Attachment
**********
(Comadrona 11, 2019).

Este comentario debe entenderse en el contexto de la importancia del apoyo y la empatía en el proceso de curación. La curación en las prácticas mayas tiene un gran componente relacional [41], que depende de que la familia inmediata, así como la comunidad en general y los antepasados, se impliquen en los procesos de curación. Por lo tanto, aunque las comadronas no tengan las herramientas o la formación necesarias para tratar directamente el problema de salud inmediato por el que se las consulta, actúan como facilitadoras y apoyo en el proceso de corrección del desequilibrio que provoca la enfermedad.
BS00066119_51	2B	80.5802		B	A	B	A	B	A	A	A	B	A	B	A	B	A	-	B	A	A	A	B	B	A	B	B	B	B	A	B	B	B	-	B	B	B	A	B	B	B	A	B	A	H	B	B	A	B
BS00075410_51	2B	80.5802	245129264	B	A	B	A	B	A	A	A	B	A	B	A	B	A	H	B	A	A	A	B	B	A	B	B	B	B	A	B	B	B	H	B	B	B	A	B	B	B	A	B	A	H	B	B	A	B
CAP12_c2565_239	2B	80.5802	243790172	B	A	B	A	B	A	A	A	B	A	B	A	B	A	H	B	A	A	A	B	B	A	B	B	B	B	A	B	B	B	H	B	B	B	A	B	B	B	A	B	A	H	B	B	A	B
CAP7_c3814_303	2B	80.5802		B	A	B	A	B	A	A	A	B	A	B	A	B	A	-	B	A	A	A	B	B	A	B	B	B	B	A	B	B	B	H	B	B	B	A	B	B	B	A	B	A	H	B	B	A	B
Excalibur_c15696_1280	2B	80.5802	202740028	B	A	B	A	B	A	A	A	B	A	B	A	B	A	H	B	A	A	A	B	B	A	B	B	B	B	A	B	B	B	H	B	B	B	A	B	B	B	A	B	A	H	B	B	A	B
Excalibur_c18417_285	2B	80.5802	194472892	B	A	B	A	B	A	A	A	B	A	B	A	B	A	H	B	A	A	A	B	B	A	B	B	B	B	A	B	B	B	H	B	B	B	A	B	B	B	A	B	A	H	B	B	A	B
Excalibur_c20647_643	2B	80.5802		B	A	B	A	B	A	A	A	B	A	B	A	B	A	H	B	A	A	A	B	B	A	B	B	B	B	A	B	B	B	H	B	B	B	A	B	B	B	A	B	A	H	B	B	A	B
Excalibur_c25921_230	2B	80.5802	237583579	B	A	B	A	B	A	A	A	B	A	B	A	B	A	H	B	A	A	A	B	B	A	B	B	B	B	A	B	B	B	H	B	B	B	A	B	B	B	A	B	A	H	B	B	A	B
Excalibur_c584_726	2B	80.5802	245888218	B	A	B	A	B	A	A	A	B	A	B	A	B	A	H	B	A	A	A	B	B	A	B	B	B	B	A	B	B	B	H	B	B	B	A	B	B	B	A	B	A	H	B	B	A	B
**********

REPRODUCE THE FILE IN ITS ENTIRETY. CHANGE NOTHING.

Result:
(Comadrona 11, 2019).

Este comentario debe entenderse en el contexto de la importancia del apoyo y la empatía en el proceso de curación. La curación en las prácticas mayas tiene un gran componente relacional [41], que depende de que la familia inmediata, así como la comunidad en general y los antepasados, se impliquen en los procesos de curación. Por lo tanto, aunque las comadronas no tengan las herramientas o la formación necesarias para tratar directamente el problema de salud inmediato por el que se las consulta, actúan como facilitadoras y apoyo en el proceso de corrección del desequilibrio que provoca la enfermedad.
BS00066119_51	2B	80.5802		B	A	B	A	B	A	A	A	B	A	B	A	B	A	-	B	A	A	A	B	B	A	B	B	B	B	A	B	B	B	-	B	B	B	A	B	B	B	A	B	A	H	B	B	A	B
BS00075410_51	2B	80.5802	245129264	B	A	B	A	B	A	A	A	B	A	B	A	B	A	H	B	A	A	A	B	B	A	B	B	B	B	A	B	B	B	H	B	B	B	A	B	B	B	A	B	A	H	B	B	A	B
CAP12_c2565_239	2B	80.5802	243790172	B	A	B	A	B	A	A	A	B	A	B	A	B	A	H	B	A	A	A	B	B	A	B	B	B	B	A	B	B	B	H	B	B	B	A	B	B	B	A	B	A	H	B	B	A	B
CAP7_c3814_303	2B	80.5802		B	A	B	A	B	A	A	A	B	A	B	A	B	A	-	B	A	A	A	B	B	A	B	B	B	B	A	B	B	B	H	B	B	B	A	B	B	B	A	B	A	H	B	B	A	B
Excalibur_c15696_1280	2B	80.5802	202740028	B	A	B	A	B	A	A	A	B	A	B	A	B	A	H	B	A	A	A	B	B	A	B	B	B	B	A	B	B	B	H	B	B	B	A	B	B	B	A	B	A	H	B	B	A	B
Excalibur_c18417_285	2B	80.5802	194472892	B	A	B	A	B	A	A	A	B	A	B	A	B	A	H	B	A	A	A	B	B	A	B	B	B	B	A	B	B	B	H	B	B	B	A	B	B	B	A	B	A	H	B	B	A	B
Excalibur_c20647_643	2B	80.5802		B	A	B	A	B	A	A	A	B	A	B	A	B	A	H	B	A	A	A	B	B	A	B	B	B	B	A	B	B	B	H	B	B	B	A	B	B	B	A	B	A	H	B	B	A	B
Excalibur_c25921_230	2B	80.5802	237583579	B	A	B	A	B	A	A	A	B	A	B	A	B	A	H	B	A	A	A	B	B	A	B	B	B	B	A	B	B	B	H	B	B	B	A	B	B	B	A	B	A	H	B	B	A	B
Excalibur_c584_726	2B	80.5802	245888218	B	A	B	A	B	A	A	A	B	A	B	A	B	A	H	B	A	A	A	B	B	A	B	B	B	B	A	B	B	B	H	B	B	B	A	B	B	B	A	B	A	H	B	B	A	B